Back in ye olde days, before colour or smiling was invented and men spent a lot of time leaning on a mantelpiece while smoking a pipe and twirling their moustache, haughty opinions were everywhere.

When the female golfers of the late 1800s expressed a desire to form what would become the Ladies’ Golf Union, for instance, the derision was rampant and arrogantly withering.

Horace Hutchinson, one of the finest male amateurs of the time, wrote a letter – or a charter for sexism – which stated that ‘women never have and never can unite to push any scheme to success’. Hutchinson added that ‘constitutionally and physically women are unfitted for golf’ while declaring that the ‘first ladies’ championship will be the last’. He was quite the all-embracing visionary wasn’t he?

Things have, mercifully, developed a bit since old Horace was in his pompous pomp, of course, and opportunity, visibility and access for women in golf continues to redefine stereotypes, shake off stifling shackles and dust away fusty cliches. It remains a work in progress, though.

In a documentary to be aired tonight (Saturday) on BBC ALBA, Margot McCuaig’s ‘Iron Women’ explores the history of women’s golf in Scotland and shines a light on the pioneers who blazed a trail amid stubborn patriarchal constraints and widespread resistance.

From the golfing fish wives of 18th century Musselburgh to influencers and innovators like Issette Pearson and Agnes Grainger and through to decorated campaigners such as Dorothy Campbell, Jessie Valentine and Belle Robertson..., ‘Iron Women’ celebrates the defiant endeavours of the female flag bearers who helped spread the golfing gospel.

Karyn Dallas, meanwhile, knows a thing or two about breaking new ground. Back in 1998, she became just the second woman, after Portlethen’s Muriel Thomson, to be appointed the full-time professional at a Scottish club when she took up the post at Kirriemuir. Dallas, a former Ladies European Tour player who is now the professional at Forfar, is one of a number of female golfers interviewed in ‘Iron Women’ as they discuss the hurdles that have been plonked in their way down the years while speaking warmly about the joy that a lifetime of golf has brought them.

That passion has not left Dallas. Thankfully, some of the oddities she has encountered are being erased from golf. “We went to an event down south and there was the sign, ‘No Dogs, No Women’,” she recalled of a piece of signage that is just about as infamous as the hoarding for the Bates Motel. “We actually had a bit of a laugh about it. We didn’t even get top billing on the sign. That was the rule at the time, even though they were hosting a women’s event. They took it down the next day. I think we have come a long way since those days and as each generation goes along the waves get softer for those following behind.”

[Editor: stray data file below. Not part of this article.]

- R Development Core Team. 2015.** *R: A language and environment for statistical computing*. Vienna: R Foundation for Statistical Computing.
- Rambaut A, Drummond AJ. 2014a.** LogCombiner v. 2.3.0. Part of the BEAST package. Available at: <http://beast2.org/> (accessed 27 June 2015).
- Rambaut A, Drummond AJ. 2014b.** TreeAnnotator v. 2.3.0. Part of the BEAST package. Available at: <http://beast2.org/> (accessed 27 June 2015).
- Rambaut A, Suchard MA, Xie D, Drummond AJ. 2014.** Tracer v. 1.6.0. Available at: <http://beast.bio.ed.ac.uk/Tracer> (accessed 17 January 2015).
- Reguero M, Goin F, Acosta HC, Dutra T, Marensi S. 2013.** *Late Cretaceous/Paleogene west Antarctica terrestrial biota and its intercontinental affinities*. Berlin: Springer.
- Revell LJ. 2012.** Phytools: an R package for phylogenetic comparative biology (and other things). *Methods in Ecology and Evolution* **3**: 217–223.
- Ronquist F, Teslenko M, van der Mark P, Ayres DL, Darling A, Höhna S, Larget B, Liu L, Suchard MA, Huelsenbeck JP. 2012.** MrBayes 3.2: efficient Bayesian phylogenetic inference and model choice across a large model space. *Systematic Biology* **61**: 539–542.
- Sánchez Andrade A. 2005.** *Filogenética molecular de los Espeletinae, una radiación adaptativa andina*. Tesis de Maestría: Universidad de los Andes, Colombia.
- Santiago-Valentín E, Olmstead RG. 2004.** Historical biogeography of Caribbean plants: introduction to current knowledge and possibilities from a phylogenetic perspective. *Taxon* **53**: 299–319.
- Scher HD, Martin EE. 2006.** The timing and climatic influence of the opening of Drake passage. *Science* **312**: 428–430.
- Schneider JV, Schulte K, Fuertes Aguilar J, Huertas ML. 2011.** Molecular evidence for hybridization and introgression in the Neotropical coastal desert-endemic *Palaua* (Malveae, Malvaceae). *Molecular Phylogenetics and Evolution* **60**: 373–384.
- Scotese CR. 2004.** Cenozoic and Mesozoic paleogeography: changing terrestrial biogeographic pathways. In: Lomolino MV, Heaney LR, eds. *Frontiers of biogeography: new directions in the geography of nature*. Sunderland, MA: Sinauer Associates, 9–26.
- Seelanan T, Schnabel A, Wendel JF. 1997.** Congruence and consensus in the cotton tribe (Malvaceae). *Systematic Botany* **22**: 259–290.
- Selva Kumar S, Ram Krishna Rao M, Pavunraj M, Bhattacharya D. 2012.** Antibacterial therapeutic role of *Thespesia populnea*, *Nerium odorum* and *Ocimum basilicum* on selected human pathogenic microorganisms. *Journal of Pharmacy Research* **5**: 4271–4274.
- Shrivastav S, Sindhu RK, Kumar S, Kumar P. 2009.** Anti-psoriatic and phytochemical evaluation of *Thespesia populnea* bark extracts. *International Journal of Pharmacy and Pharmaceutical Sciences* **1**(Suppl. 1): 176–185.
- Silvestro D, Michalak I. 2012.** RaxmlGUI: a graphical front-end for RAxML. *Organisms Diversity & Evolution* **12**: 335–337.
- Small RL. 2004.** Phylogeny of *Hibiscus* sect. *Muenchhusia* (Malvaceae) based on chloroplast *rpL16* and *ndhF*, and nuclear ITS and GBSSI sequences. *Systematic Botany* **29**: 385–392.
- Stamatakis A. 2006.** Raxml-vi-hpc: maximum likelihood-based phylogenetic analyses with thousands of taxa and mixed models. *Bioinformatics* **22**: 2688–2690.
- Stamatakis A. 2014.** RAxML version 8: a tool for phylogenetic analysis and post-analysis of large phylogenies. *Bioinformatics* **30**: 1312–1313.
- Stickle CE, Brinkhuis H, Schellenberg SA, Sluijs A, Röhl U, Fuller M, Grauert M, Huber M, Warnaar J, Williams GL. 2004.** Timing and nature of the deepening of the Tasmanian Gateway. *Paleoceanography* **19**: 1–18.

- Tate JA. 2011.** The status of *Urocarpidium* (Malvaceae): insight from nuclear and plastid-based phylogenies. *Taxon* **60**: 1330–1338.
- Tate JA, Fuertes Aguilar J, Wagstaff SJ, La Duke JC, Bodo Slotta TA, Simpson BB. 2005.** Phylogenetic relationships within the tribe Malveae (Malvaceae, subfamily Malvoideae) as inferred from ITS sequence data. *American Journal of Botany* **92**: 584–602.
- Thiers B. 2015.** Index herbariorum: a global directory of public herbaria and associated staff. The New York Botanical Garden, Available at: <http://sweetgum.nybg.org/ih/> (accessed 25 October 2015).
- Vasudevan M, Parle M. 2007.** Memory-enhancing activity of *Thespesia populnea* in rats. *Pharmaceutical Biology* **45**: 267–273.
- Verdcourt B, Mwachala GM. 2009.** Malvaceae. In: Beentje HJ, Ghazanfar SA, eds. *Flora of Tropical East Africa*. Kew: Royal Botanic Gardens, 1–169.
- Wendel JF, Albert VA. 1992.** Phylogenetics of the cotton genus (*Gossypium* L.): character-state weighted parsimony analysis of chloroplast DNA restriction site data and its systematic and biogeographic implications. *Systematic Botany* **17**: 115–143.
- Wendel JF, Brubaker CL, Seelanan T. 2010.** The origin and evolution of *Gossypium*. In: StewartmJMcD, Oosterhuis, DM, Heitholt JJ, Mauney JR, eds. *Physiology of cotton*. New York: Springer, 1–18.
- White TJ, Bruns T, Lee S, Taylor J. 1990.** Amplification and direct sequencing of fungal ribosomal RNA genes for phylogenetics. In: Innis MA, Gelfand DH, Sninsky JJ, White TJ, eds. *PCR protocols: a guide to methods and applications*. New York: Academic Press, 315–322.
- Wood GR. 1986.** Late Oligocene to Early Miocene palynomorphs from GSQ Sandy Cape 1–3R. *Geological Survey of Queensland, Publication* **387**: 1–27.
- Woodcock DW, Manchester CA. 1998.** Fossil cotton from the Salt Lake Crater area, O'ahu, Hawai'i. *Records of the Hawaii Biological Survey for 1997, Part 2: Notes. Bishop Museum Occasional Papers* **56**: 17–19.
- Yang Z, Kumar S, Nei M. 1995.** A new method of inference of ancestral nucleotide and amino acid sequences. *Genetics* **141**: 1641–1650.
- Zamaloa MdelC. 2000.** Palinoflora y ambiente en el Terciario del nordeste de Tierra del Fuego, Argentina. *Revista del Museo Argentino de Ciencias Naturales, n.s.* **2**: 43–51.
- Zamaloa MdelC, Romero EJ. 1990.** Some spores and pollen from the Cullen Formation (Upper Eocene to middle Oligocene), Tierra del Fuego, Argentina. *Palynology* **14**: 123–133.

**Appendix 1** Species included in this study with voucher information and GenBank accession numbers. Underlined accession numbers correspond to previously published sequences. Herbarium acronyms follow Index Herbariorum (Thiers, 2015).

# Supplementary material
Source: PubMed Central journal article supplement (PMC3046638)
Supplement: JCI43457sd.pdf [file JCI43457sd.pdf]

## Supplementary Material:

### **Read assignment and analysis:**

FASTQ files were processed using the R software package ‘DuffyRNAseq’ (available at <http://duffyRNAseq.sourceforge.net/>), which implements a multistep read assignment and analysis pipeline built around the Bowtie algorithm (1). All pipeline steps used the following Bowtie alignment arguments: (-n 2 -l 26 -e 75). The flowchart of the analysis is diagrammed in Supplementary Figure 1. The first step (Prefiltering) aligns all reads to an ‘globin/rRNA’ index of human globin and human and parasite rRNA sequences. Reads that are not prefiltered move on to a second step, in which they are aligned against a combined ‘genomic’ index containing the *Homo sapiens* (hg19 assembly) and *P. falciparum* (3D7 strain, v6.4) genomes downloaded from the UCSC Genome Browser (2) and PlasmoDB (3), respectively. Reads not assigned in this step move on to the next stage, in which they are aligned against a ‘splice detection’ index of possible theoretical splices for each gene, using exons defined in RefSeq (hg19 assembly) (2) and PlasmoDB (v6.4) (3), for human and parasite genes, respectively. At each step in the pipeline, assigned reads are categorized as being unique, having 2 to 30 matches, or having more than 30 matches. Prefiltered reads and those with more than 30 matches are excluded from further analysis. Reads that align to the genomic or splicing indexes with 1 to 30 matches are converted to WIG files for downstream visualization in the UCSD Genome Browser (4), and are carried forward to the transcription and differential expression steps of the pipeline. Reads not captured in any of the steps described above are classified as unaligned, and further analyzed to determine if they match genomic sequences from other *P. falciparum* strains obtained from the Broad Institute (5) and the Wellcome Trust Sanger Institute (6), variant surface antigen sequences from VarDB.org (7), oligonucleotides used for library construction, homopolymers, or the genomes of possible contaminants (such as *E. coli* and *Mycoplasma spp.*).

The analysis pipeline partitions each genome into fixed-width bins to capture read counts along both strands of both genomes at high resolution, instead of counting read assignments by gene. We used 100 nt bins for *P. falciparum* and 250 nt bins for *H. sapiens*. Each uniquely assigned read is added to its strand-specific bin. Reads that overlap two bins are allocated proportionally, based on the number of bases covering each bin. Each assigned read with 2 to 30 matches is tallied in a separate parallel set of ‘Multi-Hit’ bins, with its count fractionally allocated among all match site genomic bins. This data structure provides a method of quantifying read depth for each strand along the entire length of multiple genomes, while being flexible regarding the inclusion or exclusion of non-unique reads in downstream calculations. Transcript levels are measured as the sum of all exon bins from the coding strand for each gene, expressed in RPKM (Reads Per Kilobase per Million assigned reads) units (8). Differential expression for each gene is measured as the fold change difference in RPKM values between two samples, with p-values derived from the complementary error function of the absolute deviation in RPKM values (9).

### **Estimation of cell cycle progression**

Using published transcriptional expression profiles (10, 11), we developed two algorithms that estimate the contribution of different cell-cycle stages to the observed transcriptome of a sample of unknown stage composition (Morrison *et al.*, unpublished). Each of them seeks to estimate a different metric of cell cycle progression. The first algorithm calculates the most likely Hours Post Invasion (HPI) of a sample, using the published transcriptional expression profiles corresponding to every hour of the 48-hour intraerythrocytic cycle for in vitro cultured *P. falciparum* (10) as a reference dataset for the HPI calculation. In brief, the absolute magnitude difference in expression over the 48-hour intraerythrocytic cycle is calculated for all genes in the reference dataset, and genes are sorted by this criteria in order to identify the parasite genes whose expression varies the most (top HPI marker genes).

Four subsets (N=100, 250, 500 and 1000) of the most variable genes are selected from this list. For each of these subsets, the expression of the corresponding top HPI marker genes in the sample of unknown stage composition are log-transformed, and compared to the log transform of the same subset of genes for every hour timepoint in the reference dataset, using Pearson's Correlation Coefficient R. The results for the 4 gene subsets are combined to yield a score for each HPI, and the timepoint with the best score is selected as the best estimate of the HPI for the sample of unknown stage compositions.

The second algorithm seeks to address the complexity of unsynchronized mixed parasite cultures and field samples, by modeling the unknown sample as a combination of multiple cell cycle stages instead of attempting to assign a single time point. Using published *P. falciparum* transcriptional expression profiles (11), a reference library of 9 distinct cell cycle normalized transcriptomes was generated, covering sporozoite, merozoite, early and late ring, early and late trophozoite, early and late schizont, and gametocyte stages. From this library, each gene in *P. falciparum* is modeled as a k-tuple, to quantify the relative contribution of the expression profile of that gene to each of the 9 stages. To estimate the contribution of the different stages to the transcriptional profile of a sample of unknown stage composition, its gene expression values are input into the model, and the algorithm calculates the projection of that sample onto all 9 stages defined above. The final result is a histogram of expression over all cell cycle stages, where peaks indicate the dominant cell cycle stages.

Dallas’ recollections of her formative golf years at East Kilbride remain overwhelmingly positive. Coaxed into the game by her family, her own inspiring heroine was the American great Nancy Lopez. “She had her hair in a ponytail and she put her tee pegs in the back of it,” said Dallas. “That was it for me. I was sold. I wanted to play golf. There were only a couple of other girls playing at East Kilbride at the time but, luckily, our junior covener was very forward thinking. As I was up there all the time, he amalgamated the junior medals and I could play alongside the boys. Had he not done that, and I ended up playing with the same couple of girls all the time, I think I would have just got bored. Sport should be about mixing and making a variety of friendships. That’s what golf is great at.”

Dallas acknowledges that “we are crying out for more female participation” and, in age of myriad distractions and alternative leisure pursuits, golf can ill afford to stand still. “Some clubs may not allow children under 12 in but by that age you’ve already had access to loads of other sports and golf can get left behind,” she said. “At Forfar, they can be signed up at the age of six. Give them a club, a ball and tell them to thwack it and they love it. It’s about getting them hooked early.”

Dallas certainly got hooked and her personal and professional life has been enriched by golf’s presence in it. “Golf has given me challenges but it’s made me the person I am,” she said. “I didn’t let the obstacles get in my way and golf has made me a stronger person.”

The game’s early female pioneers would no doubt have agreed with that particular statement.

Iron Women was produced by Glasgow based purpleTV for BBC ALBA and airs on Saturday, January 2 at 9pm. It will also be available on the BBC iPlayer for 30 days afterwards.